You know who you are. Whether it means checking your oil dipstick or replacing your alternator, channeling your inner mechanic allows you to get the job done without making a mess. Doing your own diagnostics or repairs also means you can maintaining your skills, while saving a great deal of cash.
However, completely relying on yourself for car care has its downsides. Unless you’re a seasoned mechanic or have lots of experience behind you, there’s room to make serious mistakes or overlook glaring issues that make things worse.
|-Can save plenty of time looking for a professional if you have the know-how||-There could be a big gap between what you think you know and what you actually know|
|-Can jumpstart repair process providing you have basic tools and skills||-Most likely possess only a fraction of the skills & tools trained mechanics have|
|-You know your car better than anyone else, and can spot unique problems/solutions||-Much of your repair efforts may rely on guesswork, which may ignore or worsen the problem|
|-You can always find a pro to fix what you can’t||-Although not a major concern, relying on yourself (instead of pros) for referrals can lead you to mechanics who lack certain skills or professionalism|
|-It’s free!||-Relying on your skills means no upfront costs, but inexperience can breed more trouble and therefore, expensive repair jobs later on|
Who Should You Trust?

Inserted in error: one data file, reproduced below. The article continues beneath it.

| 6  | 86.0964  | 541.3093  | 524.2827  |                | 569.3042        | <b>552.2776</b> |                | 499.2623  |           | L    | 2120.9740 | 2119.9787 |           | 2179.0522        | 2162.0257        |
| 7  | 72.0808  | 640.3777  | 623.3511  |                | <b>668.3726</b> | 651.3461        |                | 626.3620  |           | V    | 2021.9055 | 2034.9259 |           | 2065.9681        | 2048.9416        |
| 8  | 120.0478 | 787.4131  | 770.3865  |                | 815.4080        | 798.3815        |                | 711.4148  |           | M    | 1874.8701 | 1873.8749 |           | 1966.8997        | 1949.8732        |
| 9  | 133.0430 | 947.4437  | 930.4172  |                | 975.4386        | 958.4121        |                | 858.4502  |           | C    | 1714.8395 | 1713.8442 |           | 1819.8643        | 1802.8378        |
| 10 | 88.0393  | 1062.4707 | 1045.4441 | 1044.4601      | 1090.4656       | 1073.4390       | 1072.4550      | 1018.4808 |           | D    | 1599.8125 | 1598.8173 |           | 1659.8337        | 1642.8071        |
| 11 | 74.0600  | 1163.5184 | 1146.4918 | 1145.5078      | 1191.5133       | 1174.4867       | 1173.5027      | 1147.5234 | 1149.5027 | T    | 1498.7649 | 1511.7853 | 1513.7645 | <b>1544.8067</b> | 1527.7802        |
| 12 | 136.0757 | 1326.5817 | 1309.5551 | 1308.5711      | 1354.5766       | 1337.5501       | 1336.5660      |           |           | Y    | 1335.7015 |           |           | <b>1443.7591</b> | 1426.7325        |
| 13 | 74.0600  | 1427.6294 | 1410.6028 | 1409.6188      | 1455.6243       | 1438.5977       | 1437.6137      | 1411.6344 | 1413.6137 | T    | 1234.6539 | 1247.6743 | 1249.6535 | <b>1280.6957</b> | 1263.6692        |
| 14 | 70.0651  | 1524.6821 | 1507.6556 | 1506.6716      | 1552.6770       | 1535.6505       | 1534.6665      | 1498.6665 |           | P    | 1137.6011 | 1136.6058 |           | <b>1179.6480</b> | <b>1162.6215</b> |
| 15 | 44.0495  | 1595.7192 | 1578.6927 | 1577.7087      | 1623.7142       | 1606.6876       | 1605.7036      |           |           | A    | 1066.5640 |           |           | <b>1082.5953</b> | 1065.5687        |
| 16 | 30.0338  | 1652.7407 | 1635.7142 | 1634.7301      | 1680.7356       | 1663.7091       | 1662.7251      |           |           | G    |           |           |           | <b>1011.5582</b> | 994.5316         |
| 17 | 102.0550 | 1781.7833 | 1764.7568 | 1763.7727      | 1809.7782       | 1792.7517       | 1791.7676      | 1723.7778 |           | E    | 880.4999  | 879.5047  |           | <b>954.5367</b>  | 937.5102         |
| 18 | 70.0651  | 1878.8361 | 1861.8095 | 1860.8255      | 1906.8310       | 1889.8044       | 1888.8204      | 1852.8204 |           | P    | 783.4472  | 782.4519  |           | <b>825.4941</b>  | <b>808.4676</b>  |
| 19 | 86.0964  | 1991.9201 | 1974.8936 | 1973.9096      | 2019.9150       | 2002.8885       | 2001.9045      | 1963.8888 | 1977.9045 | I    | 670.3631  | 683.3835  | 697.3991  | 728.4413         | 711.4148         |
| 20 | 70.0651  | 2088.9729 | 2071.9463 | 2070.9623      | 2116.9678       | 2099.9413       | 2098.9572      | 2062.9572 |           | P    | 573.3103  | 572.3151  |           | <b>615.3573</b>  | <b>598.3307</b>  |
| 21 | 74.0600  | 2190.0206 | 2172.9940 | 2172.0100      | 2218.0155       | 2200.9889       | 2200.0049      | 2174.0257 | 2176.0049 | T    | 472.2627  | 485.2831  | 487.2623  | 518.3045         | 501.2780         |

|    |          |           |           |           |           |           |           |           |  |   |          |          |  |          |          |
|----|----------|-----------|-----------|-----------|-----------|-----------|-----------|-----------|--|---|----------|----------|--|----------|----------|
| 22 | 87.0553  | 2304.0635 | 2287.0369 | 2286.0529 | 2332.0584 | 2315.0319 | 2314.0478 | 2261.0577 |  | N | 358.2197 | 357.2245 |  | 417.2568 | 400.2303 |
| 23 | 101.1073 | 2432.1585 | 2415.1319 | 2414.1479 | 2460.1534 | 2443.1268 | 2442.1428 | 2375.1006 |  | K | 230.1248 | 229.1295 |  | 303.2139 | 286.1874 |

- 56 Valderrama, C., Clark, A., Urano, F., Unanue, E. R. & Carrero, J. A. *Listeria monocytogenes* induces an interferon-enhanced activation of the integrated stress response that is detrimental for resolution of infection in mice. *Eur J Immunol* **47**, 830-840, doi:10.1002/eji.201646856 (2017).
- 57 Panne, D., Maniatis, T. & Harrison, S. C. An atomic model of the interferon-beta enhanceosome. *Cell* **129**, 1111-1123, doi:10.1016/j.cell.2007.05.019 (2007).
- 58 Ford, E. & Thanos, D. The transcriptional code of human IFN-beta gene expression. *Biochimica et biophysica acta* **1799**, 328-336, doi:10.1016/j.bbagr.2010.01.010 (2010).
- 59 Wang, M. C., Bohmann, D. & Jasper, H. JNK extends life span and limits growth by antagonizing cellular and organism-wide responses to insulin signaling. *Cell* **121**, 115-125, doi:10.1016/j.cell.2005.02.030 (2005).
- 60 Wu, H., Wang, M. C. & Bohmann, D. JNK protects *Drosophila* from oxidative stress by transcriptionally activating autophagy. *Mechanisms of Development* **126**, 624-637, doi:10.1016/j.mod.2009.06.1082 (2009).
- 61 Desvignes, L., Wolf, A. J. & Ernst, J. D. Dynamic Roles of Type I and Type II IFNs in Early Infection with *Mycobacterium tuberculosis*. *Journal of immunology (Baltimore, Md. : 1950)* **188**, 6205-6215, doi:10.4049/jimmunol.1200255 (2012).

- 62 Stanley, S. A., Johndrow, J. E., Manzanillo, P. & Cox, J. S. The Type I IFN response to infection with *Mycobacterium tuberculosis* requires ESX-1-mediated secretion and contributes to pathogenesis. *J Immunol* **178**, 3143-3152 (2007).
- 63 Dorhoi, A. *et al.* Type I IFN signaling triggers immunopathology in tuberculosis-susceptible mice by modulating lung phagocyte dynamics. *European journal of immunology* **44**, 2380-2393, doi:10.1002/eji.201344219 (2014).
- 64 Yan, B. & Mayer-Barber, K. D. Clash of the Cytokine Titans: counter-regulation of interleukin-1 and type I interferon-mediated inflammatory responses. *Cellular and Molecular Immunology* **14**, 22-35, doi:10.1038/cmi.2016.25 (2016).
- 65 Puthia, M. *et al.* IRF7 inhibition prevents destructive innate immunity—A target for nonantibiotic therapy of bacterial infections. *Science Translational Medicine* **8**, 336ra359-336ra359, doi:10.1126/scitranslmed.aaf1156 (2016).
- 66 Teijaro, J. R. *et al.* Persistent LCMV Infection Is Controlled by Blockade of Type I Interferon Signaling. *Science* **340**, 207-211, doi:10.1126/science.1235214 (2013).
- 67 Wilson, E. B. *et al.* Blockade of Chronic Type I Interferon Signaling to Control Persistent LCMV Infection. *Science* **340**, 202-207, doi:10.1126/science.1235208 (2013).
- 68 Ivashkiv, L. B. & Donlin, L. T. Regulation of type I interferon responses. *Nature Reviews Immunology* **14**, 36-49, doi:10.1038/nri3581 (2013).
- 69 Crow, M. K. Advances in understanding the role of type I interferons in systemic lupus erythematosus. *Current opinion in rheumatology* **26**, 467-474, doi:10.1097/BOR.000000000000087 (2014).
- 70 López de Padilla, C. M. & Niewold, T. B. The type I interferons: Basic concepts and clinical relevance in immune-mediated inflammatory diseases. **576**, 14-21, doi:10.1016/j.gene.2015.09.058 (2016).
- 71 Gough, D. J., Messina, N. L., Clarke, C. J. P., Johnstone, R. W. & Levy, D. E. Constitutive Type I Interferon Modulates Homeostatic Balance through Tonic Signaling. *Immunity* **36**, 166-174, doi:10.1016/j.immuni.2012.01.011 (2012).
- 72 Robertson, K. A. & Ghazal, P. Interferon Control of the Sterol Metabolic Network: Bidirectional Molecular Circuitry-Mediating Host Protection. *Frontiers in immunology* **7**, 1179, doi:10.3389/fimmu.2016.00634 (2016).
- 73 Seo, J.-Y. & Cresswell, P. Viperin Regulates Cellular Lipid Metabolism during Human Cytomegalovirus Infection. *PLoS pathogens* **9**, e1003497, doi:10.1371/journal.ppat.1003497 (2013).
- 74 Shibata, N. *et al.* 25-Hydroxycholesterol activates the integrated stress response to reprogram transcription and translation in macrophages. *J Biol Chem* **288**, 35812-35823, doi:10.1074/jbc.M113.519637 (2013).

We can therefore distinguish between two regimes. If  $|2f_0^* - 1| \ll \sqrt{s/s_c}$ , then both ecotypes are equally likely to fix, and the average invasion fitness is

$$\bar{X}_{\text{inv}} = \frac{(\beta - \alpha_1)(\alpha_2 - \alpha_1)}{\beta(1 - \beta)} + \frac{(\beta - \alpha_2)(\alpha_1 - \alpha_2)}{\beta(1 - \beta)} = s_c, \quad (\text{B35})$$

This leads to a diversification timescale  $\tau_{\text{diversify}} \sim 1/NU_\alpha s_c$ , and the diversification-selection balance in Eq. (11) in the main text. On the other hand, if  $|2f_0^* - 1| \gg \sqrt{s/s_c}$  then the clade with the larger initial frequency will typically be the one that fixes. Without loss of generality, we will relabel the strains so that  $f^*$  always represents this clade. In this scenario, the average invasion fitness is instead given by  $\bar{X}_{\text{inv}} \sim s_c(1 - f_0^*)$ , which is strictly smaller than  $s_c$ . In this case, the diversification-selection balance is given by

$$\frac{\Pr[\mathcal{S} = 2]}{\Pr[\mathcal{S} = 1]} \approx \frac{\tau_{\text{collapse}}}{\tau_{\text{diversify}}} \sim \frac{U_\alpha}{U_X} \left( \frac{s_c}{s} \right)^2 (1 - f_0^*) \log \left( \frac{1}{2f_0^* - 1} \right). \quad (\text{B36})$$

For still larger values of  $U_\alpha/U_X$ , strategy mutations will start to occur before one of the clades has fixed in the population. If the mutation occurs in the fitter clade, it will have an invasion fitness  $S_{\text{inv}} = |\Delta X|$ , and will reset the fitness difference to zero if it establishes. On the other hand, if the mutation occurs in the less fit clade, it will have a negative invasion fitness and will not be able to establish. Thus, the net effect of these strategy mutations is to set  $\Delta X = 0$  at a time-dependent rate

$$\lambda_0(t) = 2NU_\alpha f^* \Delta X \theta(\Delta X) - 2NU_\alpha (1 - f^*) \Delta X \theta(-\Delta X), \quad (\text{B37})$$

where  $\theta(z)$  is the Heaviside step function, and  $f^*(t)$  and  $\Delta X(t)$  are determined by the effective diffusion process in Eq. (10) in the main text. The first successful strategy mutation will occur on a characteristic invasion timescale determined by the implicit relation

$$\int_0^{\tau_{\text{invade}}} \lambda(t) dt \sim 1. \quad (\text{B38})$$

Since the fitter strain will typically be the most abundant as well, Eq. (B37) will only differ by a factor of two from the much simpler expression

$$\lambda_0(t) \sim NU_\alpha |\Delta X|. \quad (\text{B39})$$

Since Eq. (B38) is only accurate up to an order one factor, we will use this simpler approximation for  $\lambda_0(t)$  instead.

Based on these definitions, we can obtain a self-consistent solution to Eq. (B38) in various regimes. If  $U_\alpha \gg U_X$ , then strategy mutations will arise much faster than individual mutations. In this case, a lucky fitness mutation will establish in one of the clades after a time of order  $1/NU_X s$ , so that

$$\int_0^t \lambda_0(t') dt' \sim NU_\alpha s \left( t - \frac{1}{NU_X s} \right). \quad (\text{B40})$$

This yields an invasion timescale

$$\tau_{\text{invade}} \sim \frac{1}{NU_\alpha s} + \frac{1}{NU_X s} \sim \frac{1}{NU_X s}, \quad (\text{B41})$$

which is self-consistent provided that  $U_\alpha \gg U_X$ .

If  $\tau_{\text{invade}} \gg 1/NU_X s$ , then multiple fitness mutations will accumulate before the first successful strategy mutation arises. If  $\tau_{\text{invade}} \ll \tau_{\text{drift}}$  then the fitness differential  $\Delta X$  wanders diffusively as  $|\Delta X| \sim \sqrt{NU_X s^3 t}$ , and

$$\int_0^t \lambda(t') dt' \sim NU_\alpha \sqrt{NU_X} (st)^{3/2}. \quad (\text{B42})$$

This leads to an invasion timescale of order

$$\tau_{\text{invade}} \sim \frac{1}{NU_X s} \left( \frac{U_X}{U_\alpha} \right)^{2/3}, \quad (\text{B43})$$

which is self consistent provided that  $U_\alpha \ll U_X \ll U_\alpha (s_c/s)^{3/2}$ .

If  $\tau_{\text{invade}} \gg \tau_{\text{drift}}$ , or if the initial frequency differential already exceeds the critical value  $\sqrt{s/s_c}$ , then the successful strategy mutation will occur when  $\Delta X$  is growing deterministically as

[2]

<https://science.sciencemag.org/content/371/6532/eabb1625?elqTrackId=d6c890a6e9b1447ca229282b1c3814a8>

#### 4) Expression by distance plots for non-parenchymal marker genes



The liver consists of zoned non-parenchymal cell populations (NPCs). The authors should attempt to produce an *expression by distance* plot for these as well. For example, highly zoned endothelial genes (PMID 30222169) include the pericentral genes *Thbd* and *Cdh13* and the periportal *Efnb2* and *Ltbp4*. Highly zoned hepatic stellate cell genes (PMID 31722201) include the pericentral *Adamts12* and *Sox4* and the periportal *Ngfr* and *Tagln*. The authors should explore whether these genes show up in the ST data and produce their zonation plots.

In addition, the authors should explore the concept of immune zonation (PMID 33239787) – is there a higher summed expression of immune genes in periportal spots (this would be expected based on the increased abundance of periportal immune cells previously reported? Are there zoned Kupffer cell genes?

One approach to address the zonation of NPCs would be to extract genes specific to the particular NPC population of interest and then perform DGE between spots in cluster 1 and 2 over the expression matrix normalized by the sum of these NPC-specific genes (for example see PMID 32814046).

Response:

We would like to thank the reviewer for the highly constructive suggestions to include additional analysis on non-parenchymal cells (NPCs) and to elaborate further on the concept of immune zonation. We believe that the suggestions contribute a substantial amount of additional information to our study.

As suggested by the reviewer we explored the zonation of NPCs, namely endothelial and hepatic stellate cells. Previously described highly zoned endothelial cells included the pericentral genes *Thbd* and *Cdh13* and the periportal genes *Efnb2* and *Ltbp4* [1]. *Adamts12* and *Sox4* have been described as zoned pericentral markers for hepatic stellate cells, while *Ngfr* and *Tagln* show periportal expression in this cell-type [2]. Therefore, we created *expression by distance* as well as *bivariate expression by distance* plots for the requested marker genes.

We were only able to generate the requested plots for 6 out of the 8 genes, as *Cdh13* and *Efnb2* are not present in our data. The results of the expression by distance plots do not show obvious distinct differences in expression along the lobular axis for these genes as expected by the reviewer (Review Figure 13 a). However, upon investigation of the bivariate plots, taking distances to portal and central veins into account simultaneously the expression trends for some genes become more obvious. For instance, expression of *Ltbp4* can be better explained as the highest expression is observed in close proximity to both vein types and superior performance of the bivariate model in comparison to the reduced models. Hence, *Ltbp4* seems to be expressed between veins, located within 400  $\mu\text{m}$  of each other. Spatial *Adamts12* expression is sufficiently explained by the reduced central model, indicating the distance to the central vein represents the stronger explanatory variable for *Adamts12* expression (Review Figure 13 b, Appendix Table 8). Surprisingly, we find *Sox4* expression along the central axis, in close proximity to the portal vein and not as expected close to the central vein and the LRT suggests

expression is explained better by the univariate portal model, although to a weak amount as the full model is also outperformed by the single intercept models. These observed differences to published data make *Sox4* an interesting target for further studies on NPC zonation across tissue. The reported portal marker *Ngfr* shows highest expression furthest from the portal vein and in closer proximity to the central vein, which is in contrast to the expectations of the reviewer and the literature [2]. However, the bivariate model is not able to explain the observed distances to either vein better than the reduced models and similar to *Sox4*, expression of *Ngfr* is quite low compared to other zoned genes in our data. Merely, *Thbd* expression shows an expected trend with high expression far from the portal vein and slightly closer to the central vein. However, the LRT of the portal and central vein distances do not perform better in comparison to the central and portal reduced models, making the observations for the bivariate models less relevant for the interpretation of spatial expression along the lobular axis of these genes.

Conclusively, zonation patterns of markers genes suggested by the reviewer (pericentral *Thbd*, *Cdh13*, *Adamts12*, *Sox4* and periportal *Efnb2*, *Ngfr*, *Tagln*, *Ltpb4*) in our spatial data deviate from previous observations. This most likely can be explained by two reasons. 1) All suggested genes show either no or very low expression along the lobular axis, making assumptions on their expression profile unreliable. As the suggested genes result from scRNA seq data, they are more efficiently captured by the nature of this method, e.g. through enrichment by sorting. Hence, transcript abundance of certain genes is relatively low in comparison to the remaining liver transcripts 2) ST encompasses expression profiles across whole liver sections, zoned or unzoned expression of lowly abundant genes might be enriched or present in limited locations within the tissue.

With everything we’ve considered, the question arises: who deserves your trust the most? It would seem like they are each good and bad in their own ways. However, if you’re driving a relatively newer vehicle, perhaps five years or younger, we’ll have to say that a visit to your dealership is the better choice.
Assuming your car was a recent purchase, you may still have warranty, which means that the costs of repairing your vehicle won’t come out of your pocket. More importantly, no one else will understand your vehicle better than a dealer mechanic who’s trained to address problems that are unique to your car.
And there’s also the issue of modern technology in cars. Look under the hood of any car built after 2010, and you’ll notice how different the components are from vehicles built in the 2000s and earlier. Traditional mechanics, much less grease monkeys and amateurs, will have a hard time tinkering with these parts.
With that said, you can visit a mechanic, friend or do your own work if the car you drive is older, as it has a more mechanical parts than computer ones. And if you feel that you, a friend or an app offers advice for simple fixes, then you can certainly approach them for assistance.
Just keep in mind that you should only rely on yourself or outside help if you or the individual has experience with a particular issue. Think of this as a warning not to try at home, unless you or that other person has got some serious automotive chops!